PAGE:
Richard G. Niemi and John
Fuhsheng Hsieh, "Counting Candidates: An Alternative to the
Effective N (With An Application to the M + 1 Rule in
Japan)," Party Politics, January 2002, vol. 8, no. 1,
pp. 7599.
First Paragraph:
The number of candidates or
parties in an election contest has long been of theoretical
interest (Duverger, 1964; Rae, 1971). The measure has taken
on added importance in recent years as researchers have
studied the effects of thresholds, electoral formulas,
district magnitude, presidentialism, and the like, on
candidate and party numbers and on the strategic
coordination that lies behind these effects (Cox, 1997;
Jones, 1999; Shugart and Carey, 1992; Taagepera and Shugart,
1989). As every researcher soon learns, however, counting
candidates or parties is not a trivial exercise.
Figures and Tables:
Table 1. Hypothetical vote
distributions and the actual and effective numbers of
candidates/parties
Table 2. Hypothetical vote distributions and alternative
measures of the number of candidates
Table 3. Additional hypothetical vote distributions and
alternative measures of the number of candidates
Table 4. Percentages of districts with given numbers of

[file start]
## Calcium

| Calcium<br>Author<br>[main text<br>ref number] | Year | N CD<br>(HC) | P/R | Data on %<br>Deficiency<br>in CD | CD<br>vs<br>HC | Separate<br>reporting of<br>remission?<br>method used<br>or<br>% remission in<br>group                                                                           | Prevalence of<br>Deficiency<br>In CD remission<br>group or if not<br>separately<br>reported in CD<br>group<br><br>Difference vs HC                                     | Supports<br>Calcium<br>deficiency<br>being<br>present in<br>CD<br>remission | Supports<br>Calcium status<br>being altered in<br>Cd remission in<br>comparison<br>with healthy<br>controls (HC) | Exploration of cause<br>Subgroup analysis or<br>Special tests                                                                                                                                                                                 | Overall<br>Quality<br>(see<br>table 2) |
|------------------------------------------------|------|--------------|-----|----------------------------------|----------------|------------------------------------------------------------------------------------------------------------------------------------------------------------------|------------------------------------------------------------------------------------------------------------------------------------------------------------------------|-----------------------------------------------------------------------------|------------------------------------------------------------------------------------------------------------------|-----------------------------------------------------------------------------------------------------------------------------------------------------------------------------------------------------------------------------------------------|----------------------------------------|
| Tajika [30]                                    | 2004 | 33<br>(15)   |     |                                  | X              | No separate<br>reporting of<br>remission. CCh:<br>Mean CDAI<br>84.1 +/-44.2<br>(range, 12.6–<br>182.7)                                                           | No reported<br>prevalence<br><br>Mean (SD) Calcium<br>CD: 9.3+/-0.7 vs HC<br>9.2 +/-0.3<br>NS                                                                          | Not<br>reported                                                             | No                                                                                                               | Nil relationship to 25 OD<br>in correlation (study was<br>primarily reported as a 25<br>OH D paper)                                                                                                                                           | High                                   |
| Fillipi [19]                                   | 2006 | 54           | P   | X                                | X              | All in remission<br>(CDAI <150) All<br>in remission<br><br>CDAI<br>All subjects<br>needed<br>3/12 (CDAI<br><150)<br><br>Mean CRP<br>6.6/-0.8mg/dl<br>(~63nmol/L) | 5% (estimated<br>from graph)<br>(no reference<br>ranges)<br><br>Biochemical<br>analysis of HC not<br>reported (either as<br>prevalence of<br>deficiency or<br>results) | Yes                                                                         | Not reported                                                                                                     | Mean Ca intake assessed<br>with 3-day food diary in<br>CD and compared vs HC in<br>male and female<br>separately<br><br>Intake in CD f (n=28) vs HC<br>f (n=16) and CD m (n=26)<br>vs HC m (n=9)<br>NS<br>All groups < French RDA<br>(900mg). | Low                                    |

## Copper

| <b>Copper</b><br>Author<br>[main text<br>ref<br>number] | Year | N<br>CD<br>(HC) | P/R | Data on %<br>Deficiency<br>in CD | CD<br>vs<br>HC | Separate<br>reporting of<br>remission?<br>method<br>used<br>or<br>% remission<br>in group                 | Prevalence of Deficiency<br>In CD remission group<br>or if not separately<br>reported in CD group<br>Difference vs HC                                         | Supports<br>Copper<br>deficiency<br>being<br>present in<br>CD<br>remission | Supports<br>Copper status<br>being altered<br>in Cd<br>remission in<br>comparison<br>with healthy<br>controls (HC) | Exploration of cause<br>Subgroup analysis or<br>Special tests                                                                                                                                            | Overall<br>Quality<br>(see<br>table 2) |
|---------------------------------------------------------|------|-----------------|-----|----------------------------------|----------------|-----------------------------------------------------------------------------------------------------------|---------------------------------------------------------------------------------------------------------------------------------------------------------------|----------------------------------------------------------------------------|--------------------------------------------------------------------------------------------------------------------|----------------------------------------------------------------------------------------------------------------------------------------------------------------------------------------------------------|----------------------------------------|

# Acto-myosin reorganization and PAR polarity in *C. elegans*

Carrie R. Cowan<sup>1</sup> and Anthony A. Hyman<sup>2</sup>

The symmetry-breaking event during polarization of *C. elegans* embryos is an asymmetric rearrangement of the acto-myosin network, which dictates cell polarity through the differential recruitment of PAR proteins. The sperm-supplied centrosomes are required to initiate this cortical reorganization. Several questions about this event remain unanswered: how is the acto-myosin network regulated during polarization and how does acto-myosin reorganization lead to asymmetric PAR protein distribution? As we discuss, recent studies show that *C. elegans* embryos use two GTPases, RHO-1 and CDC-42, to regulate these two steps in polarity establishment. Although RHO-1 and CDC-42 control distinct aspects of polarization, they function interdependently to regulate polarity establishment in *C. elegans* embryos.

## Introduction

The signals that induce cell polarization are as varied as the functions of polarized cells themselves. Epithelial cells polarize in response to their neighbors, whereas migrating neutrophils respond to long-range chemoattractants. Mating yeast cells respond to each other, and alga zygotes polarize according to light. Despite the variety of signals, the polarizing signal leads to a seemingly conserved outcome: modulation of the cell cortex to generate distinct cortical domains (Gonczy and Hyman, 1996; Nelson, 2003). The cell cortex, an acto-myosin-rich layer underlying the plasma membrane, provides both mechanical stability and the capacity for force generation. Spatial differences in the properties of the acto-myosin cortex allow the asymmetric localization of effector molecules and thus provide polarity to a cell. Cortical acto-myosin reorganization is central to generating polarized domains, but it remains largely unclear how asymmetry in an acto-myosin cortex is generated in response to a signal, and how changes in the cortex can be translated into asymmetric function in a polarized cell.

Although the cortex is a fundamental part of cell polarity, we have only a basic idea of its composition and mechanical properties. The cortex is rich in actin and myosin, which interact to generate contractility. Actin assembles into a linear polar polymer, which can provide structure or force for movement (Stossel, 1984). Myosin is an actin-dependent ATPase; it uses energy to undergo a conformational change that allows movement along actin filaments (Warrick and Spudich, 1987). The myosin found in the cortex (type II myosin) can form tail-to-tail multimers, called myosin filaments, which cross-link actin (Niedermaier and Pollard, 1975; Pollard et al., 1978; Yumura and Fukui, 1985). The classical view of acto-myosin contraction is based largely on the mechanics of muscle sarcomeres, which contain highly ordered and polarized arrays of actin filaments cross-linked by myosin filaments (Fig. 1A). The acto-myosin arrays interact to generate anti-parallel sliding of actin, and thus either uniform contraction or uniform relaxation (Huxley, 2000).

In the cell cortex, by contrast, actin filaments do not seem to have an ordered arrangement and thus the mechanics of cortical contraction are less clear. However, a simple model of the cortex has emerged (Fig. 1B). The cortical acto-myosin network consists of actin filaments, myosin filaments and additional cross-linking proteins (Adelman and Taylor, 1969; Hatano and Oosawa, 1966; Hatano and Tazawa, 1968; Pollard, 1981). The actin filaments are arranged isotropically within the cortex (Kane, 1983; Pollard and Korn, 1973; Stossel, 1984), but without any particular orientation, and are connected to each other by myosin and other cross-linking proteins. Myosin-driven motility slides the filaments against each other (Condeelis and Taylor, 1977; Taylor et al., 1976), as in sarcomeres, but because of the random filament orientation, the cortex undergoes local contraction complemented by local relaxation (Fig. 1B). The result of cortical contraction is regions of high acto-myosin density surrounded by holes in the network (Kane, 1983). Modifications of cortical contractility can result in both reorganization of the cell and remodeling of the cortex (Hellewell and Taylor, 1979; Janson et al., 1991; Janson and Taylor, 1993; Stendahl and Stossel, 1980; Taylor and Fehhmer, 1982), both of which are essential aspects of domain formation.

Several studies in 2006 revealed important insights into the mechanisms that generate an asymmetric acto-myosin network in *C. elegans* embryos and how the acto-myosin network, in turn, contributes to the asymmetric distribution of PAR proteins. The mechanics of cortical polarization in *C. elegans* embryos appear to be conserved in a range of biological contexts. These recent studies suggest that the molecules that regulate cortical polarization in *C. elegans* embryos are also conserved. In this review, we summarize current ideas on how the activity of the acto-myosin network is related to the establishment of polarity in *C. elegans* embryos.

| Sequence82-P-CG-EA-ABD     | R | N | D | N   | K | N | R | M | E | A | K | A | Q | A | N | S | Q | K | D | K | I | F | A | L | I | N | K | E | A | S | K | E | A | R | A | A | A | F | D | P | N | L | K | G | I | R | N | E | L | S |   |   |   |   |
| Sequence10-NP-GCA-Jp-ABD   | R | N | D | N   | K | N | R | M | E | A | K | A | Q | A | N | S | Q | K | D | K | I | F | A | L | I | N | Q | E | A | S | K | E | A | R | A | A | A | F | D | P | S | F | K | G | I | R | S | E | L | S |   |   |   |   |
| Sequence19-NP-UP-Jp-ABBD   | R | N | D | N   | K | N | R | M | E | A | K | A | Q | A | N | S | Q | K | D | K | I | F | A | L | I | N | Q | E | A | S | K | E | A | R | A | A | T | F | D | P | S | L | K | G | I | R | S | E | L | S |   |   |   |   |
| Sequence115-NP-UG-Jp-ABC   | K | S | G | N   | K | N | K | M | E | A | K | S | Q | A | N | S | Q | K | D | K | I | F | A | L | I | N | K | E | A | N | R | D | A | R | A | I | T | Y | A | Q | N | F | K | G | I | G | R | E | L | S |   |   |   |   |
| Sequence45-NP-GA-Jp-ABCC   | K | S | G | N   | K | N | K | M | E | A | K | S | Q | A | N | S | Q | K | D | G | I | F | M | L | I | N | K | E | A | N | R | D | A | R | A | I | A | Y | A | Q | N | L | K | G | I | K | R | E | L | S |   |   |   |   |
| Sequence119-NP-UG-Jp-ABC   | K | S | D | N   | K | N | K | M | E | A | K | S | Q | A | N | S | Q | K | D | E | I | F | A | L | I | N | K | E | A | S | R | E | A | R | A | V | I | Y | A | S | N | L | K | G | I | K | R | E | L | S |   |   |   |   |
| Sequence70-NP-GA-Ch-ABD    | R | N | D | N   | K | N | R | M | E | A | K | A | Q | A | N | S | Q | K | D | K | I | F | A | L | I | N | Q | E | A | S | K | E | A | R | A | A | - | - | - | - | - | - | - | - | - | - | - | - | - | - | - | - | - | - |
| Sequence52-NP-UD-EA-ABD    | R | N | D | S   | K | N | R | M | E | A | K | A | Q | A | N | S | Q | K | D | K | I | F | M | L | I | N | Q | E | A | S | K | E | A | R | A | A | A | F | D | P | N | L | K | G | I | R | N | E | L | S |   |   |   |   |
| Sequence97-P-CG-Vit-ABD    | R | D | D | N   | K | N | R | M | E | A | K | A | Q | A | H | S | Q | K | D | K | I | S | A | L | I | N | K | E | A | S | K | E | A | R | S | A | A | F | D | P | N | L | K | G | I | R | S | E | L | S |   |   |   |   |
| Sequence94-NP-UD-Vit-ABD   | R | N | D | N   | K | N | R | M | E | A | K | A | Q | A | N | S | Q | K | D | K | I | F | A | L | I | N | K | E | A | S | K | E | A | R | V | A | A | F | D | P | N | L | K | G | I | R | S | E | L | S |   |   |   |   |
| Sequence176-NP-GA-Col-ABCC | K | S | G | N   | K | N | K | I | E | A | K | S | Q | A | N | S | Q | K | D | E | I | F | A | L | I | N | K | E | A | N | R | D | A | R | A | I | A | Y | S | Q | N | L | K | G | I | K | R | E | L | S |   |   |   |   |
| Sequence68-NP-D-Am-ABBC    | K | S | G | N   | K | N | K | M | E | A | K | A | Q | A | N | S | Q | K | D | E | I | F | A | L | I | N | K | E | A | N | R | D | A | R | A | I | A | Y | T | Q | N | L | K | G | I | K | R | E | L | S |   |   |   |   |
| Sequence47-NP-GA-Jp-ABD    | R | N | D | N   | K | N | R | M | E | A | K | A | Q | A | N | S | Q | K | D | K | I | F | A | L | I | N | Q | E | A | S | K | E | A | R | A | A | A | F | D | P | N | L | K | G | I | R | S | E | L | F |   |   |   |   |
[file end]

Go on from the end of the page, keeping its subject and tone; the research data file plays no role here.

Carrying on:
candidates relative to the district magnitude (M)
Figure 1. Average number of viable candidates in
threemember districts Note: Elections, not years, are
evenly spaced, as it is likely that learning is a function
of experience with elections, not merely of the passage of
time.
Figure 2. Average number of viable candidates in fourmember
districts Note: Elections, not years, are evenly spaced, as
it is likely that learning is a function of experience with
elections, not merely of the passage of time.
Figure 3. Average number of viable candidates in fivemember
districts Note: Elections, not years, are evenly spaced, as
it is likely that learning is a function of experience with
elections, not merely of the passage of time.
Table A.1. The number of candidates in elections to the
Japanese diet by district size, year and alternative
measures
Last Paragraph:
From a substantive point of
view, our reanalysis of the Japanese results lends still
further empirical support to the M + 1 rule. Further, the
fact that the results hold using our two new measures,
particularly the 1/2 quota rule, suggests that the
Duvergerian equilibrium, under which only the top M + 1
candidates are viable and each of them obtains an equal
number of votes, has considerable applicability in the real
world.